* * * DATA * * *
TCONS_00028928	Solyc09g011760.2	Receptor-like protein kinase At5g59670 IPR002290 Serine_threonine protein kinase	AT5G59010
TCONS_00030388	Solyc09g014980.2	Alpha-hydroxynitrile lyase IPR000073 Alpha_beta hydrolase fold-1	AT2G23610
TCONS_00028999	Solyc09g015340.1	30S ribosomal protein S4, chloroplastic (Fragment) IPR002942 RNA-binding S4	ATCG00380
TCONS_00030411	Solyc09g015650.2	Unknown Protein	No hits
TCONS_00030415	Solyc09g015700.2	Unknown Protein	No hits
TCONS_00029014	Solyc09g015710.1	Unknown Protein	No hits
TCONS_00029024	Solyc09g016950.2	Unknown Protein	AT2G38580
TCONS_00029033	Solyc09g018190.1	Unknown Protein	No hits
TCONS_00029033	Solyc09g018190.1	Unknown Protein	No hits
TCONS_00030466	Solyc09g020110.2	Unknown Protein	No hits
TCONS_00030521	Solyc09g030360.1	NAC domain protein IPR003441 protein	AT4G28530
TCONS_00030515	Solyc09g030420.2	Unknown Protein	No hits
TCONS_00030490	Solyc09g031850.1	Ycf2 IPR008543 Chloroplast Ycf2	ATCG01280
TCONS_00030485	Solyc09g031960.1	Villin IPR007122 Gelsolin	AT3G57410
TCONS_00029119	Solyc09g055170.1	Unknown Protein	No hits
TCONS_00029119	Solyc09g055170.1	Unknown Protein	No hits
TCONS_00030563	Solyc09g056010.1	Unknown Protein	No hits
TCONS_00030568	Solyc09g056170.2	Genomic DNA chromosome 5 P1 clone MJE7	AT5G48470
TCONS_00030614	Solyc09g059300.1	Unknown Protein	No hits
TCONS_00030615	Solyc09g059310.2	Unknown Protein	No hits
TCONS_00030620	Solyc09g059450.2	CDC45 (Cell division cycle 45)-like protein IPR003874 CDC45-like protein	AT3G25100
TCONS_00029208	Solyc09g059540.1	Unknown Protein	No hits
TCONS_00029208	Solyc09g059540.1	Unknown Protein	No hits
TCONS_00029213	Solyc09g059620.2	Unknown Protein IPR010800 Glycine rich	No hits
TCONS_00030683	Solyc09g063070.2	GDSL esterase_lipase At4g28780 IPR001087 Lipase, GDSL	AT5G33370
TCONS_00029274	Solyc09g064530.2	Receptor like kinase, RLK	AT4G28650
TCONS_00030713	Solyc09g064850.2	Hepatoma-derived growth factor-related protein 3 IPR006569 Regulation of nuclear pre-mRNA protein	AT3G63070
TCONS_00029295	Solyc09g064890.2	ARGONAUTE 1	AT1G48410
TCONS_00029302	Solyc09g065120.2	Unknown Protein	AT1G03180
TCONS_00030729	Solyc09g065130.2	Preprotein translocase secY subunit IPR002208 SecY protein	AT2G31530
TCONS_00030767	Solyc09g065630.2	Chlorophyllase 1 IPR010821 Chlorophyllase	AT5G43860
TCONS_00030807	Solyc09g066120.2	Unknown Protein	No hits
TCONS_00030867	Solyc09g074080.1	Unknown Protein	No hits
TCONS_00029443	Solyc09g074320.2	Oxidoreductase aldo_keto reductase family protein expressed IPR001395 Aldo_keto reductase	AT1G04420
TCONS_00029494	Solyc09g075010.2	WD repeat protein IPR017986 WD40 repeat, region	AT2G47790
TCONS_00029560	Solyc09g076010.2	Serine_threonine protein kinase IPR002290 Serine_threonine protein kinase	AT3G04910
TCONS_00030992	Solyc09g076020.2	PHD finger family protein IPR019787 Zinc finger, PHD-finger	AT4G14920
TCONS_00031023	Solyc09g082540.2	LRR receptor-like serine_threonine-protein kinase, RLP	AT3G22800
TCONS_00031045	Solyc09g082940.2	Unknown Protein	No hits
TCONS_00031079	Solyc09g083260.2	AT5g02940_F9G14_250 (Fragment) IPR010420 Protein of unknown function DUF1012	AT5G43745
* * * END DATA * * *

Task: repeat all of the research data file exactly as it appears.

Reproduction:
TCONS_00028928	Solyc09g011760.2	Receptor-like protein kinase At5g59670 IPR002290 Serine_threonine protein kinase	AT5G59010
TCONS_00030388	Solyc09g014980.2	Alpha-hydroxynitrile lyase IPR000073 Alpha_beta hydrolase fold-1	AT2G23610
TCONS_00028999	Solyc09g015340.1	30S ribosomal protein S4, chloroplastic (Fragment) IPR002942 RNA-binding S4	ATCG00380
TCONS_00030411	Solyc09g015650.2	Unknown Protein	No hits
TCONS_00030415	Solyc09g015700.2	Unknown Protein	No hits
TCONS_00029014	Solyc09g015710.1	Unknown Protein	No hits
TCONS_00029024	Solyc09g016950.2	Unknown Protein	AT2G38580
TCONS_00029033	Solyc09g018190.1	Unknown Protein	No hits
TCONS_00029033	Solyc09g018190.1	Unknown Protein	No hits
TCONS_00030466	Solyc09g020110.2	Unknown Protein	No hits
TCONS_00030521	Solyc09g030360.1	NAC domain protein IPR003441 protein	AT4G28530
TCONS_00030515	Solyc09g030420.2	Unknown Protein	No hits
TCONS_00030490	Solyc09g031850.1	Ycf2 IPR008543 Chloroplast Ycf2	ATCG01280
TCONS_00030485	Solyc09g031960.1	Villin IPR007122 Gelsolin	AT3G57410
TCONS_00029119	Solyc09g055170.1	Unknown Protein	No hits
TCONS_00029119	Solyc09g055170.1	Unknown Protein	No hits
TCONS_00030563	Solyc09g056010.1	Unknown Protein	No hits
TCONS_00030568	Solyc09g056170.2	Genomic DNA chromosome 5 P1 clone MJE7	AT5G48470
TCONS_00030614	Solyc09g059300.1	Unknown Protein	No hits
TCONS_00030615	Solyc09g059310.2	Unknown Protein	No hits
TCONS_00030620	Solyc09g059450.2	CDC45 (Cell division cycle 45)-like protein IPR003874 CDC45-like protein	AT3G25100
TCONS_00029208	Solyc09g059540.1	Unknown Protein	No hits
TCONS_00029208	Solyc09g059540.1	Unknown Protein	No hits
TCONS_00029213	Solyc09g059620.2	Unknown Protein IPR010800 Glycine rich	No hits
TCONS_00030683	Solyc09g063070.2	GDSL esterase_lipase At4g28780 IPR001087 Lipase, GDSL	AT5G33370
TCONS_00029274	Solyc09g064530.2	Receptor like kinase, RLK	AT4G28650
TCONS_00030713	Solyc09g064850.2	Hepatoma-derived growth factor-related protein 3 IPR006569 Regulation of nuclear pre-mRNA protein	AT3G63070
TCONS_00029295	Solyc09g064890.2	ARGONAUTE 1	AT1G48410
TCONS_00029302	Solyc09g065120.2	Unknown Protein	AT1G03180
TCONS_00030729	Solyc09g065130.2	Preprotein translocase secY subunit IPR002208 SecY protein	AT2G31530
TCONS_00030767	Solyc09g065630.2	Chlorophyllase 1 IPR010821 Chlorophyllase	AT5G43860
TCONS_00030807	Solyc09g066120.2	Unknown Protein	No hits
TCONS_00030867	Solyc09g074080.1	Unknown Protein	No hits
TCONS_00029443	Solyc09g074320.2	Oxidoreductase aldo_keto reductase family protein expressed IPR001395 Aldo_keto reductase	AT1G04420
TCONS_00029494	Solyc09g075010.2	WD repeat protein IPR017986 WD40 repeat, region	AT2G47790
TCONS_00029560	Solyc09g076010.2	Serine_threonine protein kinase IPR002290 Serine_threonine protein kinase	AT3G04910
TCONS_00030992	Solyc09g076020.2	PHD finger family protein IPR019787 Zinc finger, PHD-finger	AT4G14920
TCONS_00031023	Solyc09g082540.2	LRR receptor-like serine_threonine-protein kinase, RLP	AT3G22800
TCONS_00031045	Solyc09g082940.2	Unknown Protein	No hits
TCONS_00031079	Solyc09g083260.2	AT5g02940_F9G14_250 (Fragment) IPR010420 Protein of unknown function DUF1012	AT5G43745